When, as I wrote here last week, I was betrayed by a friend and then taunted by him for my earlier effort to help him, I fell into sadness and rage.
That drama, which only took stranger twists and turns as it unfolded, created a conversation in my head that would not cease. The question of "why" alternated with the desire for revenge. At the same time, a voice in the back of my head maintained an attitude of astonishment. "You haven't been this out of control of your thoughts in years," the voice said. What to do?
The place I learned over 10 years ago to cope with the incessant percolation of thought is the Shambhala Meditation Center of Atlanta. As it happened, three weeks ago, the center, which I had not visited since its move to Decatur a few years ago, offered a weekend introduction to the Shambhala path. It seemed like a good opportunity to refresh my knowledge and, more to the point, to sit as still as I could with the drama that was continually playing in my head. I knew that was best, as any effort just to turn off the thoughts only seemed to energize them.
Taught by John Rockwell, an excellent teacher and head of Shambhala International's Office of Education and Practice, the workshop was titled "Fearless Buddha, Peaceful Warrior." I took this in my circumstances as encouragement to face my thoughts with courage and to hold myself to the task with a compassionate but disciplined heart.
The Shambhala program was created by the late Chogyam Trungpa with the idea of exposing Westerners to a secular version of Tibetan meditation practices. Trungpa died in 1987 and, today, his son heads the organization that has 165 centers throughout the world. In recent years, the Shambhala path seems, confusingly, to have taken on a more religious quality in that it is now called "Shambhala Buddhism." But the meditation practice and principles that Trungpa taught remain useful to people of all faiths.
Like all Shambhala weekends, the one I attended was mainly sitting practice, with a few talks and conversations led by Rockwell. The foundational principle, as Rockwell explained, is basic goodness. "Every human being has a basic nature of goodness, which is undiluted and unconfused," Trungpa wrote.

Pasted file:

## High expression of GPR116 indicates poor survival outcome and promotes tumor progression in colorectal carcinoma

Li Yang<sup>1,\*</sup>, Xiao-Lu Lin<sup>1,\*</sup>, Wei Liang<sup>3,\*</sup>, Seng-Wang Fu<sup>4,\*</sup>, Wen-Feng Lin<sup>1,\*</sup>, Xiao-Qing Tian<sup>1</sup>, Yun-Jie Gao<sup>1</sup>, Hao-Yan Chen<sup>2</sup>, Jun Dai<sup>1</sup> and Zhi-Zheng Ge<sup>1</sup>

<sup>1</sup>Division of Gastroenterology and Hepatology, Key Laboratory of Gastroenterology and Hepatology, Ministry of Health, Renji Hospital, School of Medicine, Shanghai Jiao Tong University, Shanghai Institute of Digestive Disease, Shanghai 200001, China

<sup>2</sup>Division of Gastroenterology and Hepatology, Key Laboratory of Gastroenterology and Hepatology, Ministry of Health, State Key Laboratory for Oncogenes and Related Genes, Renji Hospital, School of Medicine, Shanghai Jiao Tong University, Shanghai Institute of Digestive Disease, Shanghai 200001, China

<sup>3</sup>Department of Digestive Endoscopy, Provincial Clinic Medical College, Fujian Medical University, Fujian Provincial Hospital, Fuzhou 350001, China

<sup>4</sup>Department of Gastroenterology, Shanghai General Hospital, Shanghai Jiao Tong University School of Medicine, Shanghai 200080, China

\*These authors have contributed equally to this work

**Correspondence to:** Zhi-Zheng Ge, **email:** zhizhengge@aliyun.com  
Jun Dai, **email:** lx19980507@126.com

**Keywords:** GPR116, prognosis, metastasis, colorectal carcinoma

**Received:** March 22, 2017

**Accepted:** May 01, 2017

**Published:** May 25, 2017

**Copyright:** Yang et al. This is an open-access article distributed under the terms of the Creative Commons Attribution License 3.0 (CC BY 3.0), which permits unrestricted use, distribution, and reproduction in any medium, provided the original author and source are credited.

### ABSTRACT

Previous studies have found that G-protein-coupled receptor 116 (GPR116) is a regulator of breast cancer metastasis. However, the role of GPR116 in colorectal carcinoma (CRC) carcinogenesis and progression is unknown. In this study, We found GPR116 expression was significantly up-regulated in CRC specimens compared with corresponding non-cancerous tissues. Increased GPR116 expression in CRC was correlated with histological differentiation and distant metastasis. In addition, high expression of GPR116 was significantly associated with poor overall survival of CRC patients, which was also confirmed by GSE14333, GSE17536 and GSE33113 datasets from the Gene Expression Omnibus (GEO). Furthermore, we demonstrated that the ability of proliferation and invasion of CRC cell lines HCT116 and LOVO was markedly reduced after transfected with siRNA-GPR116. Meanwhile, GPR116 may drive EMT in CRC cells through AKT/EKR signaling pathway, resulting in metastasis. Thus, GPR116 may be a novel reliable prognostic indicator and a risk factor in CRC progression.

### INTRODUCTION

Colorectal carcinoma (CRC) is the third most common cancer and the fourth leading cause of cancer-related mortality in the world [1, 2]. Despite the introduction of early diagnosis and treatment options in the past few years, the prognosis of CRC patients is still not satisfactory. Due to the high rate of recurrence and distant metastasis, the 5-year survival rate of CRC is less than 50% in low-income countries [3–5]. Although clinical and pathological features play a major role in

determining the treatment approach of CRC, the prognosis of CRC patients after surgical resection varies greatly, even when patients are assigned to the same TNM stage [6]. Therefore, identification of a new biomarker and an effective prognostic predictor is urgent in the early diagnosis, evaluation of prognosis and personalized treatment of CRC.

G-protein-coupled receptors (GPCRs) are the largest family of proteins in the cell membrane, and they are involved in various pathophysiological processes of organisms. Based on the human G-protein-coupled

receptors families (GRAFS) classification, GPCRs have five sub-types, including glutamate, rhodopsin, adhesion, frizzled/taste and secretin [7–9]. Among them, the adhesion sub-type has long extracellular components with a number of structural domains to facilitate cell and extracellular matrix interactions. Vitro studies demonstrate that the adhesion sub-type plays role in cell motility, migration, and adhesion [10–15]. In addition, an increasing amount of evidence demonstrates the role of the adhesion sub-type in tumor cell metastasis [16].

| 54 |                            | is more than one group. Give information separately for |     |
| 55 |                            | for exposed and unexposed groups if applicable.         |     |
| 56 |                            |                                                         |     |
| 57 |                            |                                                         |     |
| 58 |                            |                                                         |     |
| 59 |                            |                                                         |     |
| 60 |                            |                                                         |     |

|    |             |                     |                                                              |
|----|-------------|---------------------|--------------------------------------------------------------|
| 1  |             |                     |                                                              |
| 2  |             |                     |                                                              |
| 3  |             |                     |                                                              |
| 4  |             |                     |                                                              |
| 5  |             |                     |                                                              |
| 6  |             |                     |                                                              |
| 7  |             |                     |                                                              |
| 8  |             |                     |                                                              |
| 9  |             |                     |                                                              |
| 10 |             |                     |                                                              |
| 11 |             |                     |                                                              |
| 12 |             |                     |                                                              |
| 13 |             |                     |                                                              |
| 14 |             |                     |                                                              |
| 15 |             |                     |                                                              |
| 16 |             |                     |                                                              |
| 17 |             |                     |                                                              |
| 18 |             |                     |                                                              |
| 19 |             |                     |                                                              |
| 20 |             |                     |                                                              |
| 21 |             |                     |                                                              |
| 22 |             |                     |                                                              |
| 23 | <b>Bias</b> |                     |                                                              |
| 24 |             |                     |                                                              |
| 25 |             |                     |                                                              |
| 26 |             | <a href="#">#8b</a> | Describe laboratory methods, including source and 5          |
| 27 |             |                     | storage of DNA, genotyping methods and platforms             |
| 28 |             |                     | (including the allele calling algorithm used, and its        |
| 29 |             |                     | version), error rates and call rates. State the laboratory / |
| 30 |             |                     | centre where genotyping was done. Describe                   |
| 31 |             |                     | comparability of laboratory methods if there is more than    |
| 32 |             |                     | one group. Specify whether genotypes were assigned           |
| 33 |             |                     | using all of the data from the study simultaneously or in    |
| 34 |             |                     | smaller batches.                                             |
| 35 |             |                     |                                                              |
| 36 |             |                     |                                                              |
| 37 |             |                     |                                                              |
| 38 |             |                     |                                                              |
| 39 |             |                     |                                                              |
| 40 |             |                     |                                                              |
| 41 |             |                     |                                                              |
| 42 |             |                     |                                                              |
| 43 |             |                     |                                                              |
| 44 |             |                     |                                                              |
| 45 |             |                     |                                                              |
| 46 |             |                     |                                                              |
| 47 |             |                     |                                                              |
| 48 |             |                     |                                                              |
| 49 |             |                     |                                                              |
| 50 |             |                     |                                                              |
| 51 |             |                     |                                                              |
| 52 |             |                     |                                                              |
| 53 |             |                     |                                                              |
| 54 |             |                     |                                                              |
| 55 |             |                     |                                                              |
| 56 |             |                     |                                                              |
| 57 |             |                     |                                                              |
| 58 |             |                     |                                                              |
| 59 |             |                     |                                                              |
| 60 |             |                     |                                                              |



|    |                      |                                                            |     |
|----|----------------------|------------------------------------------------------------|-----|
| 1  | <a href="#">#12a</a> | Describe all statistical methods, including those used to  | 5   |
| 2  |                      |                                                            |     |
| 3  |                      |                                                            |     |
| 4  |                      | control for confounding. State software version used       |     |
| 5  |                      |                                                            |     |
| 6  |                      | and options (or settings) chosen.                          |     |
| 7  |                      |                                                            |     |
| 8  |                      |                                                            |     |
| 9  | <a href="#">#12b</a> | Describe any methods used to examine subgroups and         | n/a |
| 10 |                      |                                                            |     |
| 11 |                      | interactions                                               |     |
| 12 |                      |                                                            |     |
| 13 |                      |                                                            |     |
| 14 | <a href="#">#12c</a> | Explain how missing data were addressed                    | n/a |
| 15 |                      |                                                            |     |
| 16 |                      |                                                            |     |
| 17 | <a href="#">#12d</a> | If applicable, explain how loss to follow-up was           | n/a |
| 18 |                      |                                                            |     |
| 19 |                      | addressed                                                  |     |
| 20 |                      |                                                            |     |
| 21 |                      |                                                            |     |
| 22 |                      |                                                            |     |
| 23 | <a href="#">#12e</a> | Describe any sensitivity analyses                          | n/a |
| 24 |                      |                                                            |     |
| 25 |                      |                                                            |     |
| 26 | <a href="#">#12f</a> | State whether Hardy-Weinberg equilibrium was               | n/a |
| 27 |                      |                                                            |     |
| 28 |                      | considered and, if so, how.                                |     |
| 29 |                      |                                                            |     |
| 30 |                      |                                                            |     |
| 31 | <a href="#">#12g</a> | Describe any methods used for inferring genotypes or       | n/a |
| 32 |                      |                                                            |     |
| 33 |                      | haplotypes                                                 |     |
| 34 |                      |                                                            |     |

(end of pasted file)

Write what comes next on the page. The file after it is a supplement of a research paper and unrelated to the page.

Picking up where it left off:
In my own state of mind, dealing with what I conceptualized as evil, I was feeling very far from any such notion. Of course, the existence of basic goodness does not preclude the occurrence of evil. Trungpa calls evil the "setting sun world," where fear predominates. The idea of his form of meditation is in part to begin to witness the spontaneous arising of thought, including fear, and, by focusing lightly on the breath, to detach from the virtually addictive process of rumination. In those times when one accomplishes that, a sense of wellbeing, basic goodness, becomes radically present.
This takes courage because one cannot go to the state of basic goodness without confronting the thoughts that block its experience. This is the same courage people bring to deep psychotherapy -- a willingness to look at whatever arises with the understanding that our behavior and thoughts are never fixed and thus cannot be said to represent who we are at heart.
As soon as I hit the meditation cushion inside the big tent the center had erected for the event, my brain began spinning wildly. I had not meditated with any regularity in three or four years, and the Saturday morning session was agony for me. The times I was focused even vaguely on my breath were virtually nonexistent. Instead, I delivered lectures to my betrayer and punished myself with memories of clues that, had I not overlooked, I might not have been hurt.
I almost didn't return to the center after lunch. I wanted to give myself completely to the drama, to soak myself in hatred and anger without Rockwell's nagging about open hearts, basic goodness and the breath. But things went a little better in the afternoon. I didn't feel good about my own process but I did feel grateful.
The next day, I shifted. The part of me that observes my thoughts became stronger. As I watched my thoughts torment me, I was overcome with grief. I cried throughout the day -- not so much for what had happened to me but how derailed I'd become by it. Like the anger that had plagued me the day before, the grief came in waves. When Rockwell spoke that afternoon about how the path leaves you feeling brokenhearted and wanting to cry, I knew I was in the right place.
The weekend didn't free me completely from my pain but I identified much less strongly with it afterward and began looking to what is good in my life right now. I was also overwhelmed during the meditation by memories of all the love that had been offered me in my life and how hard it had been to accept. I committed myself to the next series of workshops in the Shambhala path.
People interested in the center's work can call 404-370-9650 or visit its website at www.atlantashambhalacenter.org.
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WHAT ABOUT LUCY
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